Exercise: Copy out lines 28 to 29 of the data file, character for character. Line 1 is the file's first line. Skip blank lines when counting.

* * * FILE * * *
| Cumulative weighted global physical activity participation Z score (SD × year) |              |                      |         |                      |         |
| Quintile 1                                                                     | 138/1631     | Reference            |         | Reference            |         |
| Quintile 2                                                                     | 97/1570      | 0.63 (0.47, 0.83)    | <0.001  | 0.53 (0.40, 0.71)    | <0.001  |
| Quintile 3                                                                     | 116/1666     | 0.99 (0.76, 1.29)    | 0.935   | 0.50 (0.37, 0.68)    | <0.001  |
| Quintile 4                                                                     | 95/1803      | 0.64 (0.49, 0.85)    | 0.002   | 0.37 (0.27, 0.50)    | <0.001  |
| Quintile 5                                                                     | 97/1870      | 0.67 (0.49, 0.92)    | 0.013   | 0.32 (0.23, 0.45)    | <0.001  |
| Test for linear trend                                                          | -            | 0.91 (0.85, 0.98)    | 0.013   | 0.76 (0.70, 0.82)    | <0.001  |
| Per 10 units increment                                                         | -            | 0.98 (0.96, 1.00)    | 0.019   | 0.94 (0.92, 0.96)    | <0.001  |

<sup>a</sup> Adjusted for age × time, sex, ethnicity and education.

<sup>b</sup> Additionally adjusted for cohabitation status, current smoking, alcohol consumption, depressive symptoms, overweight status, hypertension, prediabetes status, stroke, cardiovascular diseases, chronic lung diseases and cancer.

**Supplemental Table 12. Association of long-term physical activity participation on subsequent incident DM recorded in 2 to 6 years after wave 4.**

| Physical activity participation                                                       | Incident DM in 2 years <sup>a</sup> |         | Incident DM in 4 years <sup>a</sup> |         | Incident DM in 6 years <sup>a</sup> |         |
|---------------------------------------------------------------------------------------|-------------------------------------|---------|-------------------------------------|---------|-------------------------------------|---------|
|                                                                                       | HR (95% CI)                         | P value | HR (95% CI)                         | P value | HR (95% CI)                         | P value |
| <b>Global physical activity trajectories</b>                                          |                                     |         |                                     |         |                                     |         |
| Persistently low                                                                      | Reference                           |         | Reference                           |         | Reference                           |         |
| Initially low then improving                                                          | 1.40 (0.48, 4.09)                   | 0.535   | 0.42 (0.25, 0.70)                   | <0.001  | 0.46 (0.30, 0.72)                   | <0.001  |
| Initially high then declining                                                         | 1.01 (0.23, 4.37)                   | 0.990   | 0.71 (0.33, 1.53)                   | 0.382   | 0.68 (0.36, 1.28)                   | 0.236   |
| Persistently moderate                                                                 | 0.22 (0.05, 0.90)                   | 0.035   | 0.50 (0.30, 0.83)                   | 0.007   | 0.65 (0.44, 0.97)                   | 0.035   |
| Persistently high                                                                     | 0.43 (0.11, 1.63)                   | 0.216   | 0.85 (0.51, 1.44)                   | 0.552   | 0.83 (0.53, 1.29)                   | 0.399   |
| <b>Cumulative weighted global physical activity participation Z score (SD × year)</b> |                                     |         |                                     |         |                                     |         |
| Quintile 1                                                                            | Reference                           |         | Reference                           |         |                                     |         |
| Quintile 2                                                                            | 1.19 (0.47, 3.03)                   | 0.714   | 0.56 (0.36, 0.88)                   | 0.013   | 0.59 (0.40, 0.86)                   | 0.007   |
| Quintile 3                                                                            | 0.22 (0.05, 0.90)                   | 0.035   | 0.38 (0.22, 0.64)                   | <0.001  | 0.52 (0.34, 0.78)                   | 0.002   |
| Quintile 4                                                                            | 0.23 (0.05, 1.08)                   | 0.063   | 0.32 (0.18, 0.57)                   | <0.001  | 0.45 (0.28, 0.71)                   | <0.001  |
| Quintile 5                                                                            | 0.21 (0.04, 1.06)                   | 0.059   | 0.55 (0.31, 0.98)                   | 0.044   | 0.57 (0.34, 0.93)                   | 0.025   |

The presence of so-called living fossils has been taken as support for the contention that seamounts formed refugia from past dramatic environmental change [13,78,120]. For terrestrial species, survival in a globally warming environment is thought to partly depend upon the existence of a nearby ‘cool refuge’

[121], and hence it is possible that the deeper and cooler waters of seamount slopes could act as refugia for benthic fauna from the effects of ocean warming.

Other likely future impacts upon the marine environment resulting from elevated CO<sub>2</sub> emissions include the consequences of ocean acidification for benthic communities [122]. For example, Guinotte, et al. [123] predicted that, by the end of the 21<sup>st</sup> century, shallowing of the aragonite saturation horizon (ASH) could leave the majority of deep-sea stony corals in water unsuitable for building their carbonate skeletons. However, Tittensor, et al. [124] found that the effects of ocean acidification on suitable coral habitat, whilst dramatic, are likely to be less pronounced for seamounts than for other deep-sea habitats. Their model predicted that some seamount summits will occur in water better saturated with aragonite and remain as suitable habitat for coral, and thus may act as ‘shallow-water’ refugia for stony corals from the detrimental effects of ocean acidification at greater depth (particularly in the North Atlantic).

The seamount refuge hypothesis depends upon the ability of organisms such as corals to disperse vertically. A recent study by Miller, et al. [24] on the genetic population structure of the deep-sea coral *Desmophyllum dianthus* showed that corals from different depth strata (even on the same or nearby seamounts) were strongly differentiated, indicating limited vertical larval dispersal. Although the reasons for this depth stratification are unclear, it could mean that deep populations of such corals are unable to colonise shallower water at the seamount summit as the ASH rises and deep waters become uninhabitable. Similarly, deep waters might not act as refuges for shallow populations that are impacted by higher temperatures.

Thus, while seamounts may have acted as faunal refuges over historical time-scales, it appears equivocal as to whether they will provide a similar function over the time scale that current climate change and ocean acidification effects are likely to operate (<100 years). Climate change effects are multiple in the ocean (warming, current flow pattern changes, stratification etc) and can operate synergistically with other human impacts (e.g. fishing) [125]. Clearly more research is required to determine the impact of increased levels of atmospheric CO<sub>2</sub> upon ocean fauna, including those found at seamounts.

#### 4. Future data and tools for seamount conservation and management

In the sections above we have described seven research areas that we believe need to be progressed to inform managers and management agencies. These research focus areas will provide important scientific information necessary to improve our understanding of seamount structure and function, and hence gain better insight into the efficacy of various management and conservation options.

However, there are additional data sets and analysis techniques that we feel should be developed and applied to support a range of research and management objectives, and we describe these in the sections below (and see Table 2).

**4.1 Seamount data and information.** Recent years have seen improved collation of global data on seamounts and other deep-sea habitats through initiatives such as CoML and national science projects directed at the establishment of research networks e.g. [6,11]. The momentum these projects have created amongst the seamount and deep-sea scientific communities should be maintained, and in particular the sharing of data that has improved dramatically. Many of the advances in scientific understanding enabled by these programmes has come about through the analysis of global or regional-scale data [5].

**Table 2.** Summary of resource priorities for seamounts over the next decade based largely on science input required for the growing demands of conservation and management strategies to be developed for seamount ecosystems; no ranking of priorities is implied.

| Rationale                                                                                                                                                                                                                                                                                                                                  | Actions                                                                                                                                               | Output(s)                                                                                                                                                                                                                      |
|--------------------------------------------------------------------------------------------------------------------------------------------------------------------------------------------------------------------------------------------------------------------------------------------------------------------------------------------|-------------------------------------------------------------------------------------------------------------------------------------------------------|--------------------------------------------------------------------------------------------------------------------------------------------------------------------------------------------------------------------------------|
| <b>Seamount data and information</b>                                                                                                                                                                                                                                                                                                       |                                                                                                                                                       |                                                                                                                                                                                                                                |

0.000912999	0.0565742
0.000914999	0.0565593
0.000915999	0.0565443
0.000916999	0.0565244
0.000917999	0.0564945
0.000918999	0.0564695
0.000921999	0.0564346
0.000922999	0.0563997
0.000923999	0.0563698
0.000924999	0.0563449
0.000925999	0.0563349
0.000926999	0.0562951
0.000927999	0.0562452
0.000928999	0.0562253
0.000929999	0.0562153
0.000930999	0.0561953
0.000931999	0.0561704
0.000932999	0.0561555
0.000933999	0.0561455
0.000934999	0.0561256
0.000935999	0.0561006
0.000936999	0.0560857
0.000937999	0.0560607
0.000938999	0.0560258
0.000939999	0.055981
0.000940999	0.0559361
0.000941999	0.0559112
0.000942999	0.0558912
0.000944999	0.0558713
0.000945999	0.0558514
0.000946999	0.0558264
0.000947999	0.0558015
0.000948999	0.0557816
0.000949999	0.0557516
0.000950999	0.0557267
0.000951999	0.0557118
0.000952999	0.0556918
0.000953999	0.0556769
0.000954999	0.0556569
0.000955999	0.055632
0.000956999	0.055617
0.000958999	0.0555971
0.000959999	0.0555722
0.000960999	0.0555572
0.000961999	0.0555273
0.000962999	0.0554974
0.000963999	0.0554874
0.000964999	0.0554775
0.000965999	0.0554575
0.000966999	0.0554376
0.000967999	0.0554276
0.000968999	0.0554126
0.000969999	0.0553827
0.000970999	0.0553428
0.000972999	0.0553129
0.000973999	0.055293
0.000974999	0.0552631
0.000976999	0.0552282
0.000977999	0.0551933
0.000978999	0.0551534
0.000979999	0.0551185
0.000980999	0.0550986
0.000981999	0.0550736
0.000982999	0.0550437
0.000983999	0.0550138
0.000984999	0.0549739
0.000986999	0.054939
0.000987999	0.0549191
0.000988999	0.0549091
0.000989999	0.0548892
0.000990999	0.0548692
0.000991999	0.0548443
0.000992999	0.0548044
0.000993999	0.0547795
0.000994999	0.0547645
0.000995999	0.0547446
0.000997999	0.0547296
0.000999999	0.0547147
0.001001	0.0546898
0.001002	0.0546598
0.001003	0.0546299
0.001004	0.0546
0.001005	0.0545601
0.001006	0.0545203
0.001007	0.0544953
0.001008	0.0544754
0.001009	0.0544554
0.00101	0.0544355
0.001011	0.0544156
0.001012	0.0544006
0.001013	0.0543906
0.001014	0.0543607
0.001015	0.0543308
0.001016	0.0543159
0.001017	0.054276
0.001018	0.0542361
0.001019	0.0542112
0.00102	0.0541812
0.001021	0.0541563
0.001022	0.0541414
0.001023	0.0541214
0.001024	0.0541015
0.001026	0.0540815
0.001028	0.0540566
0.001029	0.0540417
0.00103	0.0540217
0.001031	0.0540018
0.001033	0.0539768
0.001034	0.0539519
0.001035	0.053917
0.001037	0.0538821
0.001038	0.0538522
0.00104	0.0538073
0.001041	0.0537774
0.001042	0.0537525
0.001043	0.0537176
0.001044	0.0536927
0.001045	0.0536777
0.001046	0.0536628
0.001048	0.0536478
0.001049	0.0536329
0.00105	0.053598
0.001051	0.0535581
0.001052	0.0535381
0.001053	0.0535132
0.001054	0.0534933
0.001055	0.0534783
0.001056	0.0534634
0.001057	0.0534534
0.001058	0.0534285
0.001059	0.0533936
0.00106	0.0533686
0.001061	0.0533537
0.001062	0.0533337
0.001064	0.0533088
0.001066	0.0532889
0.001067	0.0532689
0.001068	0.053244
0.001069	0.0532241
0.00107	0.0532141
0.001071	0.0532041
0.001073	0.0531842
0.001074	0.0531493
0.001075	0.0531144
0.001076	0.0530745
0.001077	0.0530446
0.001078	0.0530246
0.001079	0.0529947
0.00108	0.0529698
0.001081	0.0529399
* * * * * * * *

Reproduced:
[121], and hence it is possible that the deeper and cooler waters of seamount slopes could act as refugia for benthic fauna from the effects of ocean warming.

Other likely future impacts upon the marine environment resulting from elevated CO<sub>2</sub> emissions include the consequences of ocean acidification for benthic communities [122]. For example, Guinotte, et al. [123] predicted that, by the end of the 21<sup>st</sup> century, shallowing of the aragonite saturation horizon (ASH) could leave the majority of deep-sea stony corals in water unsuitable for building their carbonate skeletons. However, Tittensor, et al. [124] found that the effects of ocean acidification on suitable coral habitat, whilst dramatic, are likely to be less pronounced for seamounts than for other deep-sea habitats. Their model predicted that some seamount summits will occur in water better saturated with aragonite and remain as suitable habitat for coral, and thus may act as ‘shallow-water’ refugia for stony corals from the detrimental effects of ocean acidification at greater depth (particularly in the North Atlantic).